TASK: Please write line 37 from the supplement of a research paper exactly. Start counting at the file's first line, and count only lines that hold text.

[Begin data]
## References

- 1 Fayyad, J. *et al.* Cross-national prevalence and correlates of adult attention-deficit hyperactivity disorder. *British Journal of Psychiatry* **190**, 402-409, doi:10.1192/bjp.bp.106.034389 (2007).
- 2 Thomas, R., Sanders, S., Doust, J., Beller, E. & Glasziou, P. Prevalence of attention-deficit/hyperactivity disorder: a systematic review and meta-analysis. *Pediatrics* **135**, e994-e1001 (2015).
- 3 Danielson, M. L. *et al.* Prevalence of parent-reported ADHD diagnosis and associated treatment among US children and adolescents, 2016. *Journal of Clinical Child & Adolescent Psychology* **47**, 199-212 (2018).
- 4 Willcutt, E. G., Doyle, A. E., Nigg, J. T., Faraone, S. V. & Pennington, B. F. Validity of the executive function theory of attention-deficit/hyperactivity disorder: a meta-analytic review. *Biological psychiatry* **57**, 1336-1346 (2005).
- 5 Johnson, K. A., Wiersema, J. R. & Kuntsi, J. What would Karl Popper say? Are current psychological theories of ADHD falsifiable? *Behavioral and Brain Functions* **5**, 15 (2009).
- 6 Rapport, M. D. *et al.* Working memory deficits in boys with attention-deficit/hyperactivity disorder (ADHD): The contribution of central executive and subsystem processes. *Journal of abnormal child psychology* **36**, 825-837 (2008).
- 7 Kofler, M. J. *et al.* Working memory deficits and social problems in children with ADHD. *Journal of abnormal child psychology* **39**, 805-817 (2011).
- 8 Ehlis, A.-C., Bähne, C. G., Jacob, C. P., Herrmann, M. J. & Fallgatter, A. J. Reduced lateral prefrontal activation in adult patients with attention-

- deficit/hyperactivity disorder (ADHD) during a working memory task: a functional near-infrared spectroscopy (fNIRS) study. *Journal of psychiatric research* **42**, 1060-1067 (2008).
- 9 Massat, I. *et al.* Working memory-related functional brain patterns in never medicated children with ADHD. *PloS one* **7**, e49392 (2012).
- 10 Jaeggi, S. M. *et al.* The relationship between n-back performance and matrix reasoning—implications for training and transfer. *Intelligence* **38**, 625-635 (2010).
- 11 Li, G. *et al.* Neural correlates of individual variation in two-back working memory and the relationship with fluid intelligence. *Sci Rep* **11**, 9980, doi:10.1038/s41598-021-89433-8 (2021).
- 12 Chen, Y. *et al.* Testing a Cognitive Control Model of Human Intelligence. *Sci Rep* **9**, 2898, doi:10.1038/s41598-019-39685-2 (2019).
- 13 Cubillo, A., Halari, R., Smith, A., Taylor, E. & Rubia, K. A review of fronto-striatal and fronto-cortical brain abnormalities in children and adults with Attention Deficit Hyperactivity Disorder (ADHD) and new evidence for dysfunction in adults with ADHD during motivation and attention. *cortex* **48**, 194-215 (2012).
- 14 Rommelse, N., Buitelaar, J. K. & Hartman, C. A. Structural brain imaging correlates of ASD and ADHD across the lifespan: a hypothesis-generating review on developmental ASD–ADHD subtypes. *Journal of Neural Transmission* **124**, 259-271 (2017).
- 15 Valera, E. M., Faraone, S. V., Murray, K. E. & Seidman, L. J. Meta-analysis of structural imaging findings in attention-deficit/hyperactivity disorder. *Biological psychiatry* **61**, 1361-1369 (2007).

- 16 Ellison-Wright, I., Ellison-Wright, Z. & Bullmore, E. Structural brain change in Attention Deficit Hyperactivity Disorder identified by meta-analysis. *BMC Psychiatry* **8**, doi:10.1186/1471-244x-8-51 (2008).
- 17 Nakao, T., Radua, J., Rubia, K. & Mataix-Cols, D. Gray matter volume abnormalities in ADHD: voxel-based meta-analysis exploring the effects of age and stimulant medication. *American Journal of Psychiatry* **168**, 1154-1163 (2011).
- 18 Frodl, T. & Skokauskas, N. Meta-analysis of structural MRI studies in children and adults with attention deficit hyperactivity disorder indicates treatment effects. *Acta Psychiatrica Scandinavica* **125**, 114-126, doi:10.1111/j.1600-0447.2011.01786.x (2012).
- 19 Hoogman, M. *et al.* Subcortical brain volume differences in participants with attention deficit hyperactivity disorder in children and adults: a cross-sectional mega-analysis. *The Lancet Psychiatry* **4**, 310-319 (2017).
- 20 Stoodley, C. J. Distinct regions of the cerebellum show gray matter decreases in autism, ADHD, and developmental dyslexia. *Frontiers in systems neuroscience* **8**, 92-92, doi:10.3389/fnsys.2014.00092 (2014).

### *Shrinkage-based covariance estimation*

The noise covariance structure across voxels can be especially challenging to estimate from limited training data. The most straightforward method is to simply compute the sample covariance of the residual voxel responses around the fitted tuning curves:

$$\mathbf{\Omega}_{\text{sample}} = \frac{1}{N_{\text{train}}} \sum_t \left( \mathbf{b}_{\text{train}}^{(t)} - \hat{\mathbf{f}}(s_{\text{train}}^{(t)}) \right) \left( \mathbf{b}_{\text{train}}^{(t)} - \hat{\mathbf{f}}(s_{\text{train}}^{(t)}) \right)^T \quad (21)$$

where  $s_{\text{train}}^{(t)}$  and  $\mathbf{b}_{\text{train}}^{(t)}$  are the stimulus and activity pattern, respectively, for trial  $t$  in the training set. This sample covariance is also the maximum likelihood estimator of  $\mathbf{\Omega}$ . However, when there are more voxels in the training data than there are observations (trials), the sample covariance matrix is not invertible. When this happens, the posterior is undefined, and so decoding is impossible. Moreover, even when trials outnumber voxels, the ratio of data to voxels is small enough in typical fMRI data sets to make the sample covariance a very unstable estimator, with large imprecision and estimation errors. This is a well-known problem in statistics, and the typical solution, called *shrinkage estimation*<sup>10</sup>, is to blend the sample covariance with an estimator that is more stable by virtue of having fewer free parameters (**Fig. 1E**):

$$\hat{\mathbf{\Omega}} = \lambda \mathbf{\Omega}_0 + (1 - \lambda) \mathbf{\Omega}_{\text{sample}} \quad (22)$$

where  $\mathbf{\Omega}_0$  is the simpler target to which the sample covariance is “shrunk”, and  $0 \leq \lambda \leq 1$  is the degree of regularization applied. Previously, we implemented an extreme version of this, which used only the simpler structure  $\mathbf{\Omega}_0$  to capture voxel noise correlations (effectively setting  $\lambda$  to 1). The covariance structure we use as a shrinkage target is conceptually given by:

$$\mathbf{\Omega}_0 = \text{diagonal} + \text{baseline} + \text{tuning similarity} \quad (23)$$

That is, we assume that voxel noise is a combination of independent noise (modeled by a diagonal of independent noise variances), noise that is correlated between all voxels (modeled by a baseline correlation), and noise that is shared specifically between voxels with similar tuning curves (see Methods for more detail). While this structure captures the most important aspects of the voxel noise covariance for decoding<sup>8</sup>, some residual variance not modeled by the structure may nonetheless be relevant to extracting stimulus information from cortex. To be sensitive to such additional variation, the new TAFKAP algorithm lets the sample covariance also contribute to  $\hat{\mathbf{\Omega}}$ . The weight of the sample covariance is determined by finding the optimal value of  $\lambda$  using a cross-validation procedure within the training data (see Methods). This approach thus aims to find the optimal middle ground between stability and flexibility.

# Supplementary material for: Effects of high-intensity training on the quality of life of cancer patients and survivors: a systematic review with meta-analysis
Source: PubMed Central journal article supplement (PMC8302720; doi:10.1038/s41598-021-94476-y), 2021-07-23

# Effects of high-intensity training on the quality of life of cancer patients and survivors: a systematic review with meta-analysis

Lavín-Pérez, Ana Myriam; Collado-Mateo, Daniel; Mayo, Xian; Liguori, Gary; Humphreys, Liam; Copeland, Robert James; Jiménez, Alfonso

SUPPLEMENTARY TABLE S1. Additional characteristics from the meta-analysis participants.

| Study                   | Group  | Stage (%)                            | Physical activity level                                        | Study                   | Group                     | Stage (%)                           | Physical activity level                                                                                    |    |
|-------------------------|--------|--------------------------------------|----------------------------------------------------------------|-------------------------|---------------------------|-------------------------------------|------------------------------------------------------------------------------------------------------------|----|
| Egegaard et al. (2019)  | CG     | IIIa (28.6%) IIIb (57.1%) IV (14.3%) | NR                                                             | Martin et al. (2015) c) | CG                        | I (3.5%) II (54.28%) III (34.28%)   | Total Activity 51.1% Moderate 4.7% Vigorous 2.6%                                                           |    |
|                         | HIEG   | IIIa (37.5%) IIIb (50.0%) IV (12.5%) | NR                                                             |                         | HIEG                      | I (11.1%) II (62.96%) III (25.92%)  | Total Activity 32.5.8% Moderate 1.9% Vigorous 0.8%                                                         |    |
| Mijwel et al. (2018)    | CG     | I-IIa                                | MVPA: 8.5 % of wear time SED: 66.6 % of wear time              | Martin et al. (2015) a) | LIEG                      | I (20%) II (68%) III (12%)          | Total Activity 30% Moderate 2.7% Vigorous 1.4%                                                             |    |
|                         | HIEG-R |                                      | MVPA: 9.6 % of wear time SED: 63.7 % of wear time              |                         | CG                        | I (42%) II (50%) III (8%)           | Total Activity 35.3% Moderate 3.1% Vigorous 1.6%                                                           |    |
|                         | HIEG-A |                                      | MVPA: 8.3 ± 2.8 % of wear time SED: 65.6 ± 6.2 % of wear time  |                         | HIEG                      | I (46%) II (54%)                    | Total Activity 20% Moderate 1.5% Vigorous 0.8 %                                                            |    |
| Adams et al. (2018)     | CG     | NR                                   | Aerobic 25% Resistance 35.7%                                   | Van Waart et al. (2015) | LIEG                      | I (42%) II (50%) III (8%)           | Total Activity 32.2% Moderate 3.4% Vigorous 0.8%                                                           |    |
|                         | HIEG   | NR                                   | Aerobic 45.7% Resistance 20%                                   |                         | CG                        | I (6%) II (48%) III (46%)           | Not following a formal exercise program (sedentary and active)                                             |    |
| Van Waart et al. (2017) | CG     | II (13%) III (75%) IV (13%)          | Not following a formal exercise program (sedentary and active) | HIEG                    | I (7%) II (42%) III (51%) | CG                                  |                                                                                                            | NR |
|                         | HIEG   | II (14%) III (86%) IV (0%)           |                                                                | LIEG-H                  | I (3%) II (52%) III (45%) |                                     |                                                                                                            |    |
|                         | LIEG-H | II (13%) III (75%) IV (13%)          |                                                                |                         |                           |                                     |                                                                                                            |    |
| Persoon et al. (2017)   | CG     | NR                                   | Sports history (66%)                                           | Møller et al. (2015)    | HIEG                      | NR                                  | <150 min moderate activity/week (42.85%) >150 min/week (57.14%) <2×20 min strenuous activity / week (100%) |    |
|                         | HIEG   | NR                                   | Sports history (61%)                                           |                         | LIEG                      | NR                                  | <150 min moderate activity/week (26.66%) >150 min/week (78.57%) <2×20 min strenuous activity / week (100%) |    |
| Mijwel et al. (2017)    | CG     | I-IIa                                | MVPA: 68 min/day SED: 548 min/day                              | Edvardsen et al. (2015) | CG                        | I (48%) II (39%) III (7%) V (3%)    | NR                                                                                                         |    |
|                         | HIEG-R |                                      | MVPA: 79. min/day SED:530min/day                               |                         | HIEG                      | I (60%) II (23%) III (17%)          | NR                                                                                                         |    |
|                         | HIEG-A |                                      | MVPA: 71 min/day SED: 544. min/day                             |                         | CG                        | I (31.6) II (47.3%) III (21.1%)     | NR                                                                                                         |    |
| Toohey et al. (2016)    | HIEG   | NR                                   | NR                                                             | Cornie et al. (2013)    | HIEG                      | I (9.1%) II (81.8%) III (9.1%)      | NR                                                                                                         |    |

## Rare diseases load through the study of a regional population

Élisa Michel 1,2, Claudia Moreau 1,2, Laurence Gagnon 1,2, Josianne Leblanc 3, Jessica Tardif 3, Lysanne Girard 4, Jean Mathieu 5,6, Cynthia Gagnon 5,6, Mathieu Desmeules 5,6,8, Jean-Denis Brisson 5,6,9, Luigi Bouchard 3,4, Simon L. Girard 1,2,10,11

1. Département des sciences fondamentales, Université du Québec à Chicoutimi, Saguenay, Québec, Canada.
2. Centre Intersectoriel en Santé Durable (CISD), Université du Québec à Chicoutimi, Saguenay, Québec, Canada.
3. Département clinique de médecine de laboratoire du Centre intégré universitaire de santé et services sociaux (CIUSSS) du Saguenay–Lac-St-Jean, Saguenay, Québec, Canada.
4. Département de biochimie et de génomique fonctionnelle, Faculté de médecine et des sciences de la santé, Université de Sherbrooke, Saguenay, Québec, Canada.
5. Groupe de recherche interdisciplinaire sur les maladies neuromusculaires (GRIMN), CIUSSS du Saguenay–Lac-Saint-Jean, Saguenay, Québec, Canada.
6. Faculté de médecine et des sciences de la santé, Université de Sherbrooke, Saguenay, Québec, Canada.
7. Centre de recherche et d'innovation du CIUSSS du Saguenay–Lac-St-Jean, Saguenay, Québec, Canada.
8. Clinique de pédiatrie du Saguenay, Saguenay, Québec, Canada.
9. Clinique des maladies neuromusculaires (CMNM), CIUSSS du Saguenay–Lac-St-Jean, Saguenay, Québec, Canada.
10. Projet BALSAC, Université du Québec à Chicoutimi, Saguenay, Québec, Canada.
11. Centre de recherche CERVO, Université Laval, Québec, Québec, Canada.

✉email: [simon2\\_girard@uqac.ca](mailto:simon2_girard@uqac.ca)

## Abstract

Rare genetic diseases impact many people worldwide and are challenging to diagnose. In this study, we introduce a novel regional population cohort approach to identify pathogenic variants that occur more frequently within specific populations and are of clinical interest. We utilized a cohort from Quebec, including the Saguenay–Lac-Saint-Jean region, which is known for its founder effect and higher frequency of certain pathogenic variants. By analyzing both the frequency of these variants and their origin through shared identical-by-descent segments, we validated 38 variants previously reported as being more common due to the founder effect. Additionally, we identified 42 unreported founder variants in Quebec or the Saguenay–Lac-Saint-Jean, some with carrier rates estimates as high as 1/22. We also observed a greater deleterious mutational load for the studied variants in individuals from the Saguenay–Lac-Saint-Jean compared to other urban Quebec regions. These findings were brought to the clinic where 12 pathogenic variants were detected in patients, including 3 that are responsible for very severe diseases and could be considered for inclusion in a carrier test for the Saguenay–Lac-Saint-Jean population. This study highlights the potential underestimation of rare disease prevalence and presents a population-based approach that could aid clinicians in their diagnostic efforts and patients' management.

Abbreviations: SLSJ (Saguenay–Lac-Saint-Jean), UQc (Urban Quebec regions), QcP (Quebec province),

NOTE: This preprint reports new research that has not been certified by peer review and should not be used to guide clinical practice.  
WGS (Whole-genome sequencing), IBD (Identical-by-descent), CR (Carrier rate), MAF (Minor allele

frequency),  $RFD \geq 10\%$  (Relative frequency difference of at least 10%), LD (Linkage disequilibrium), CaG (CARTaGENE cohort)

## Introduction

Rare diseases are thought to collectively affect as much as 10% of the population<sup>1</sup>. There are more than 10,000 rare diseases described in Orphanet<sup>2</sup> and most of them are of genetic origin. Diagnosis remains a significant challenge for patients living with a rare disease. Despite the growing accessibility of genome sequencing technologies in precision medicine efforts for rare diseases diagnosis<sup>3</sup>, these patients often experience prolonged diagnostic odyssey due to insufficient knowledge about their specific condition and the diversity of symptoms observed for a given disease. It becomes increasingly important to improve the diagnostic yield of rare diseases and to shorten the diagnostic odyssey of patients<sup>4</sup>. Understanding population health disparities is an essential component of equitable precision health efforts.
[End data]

|-------------------------|--------|--------------------------------------|----------------------------------------------------------------|-------------------------|---------------------------|-------------------------------------|------------------------------------------------------------------------------------------------------------|----|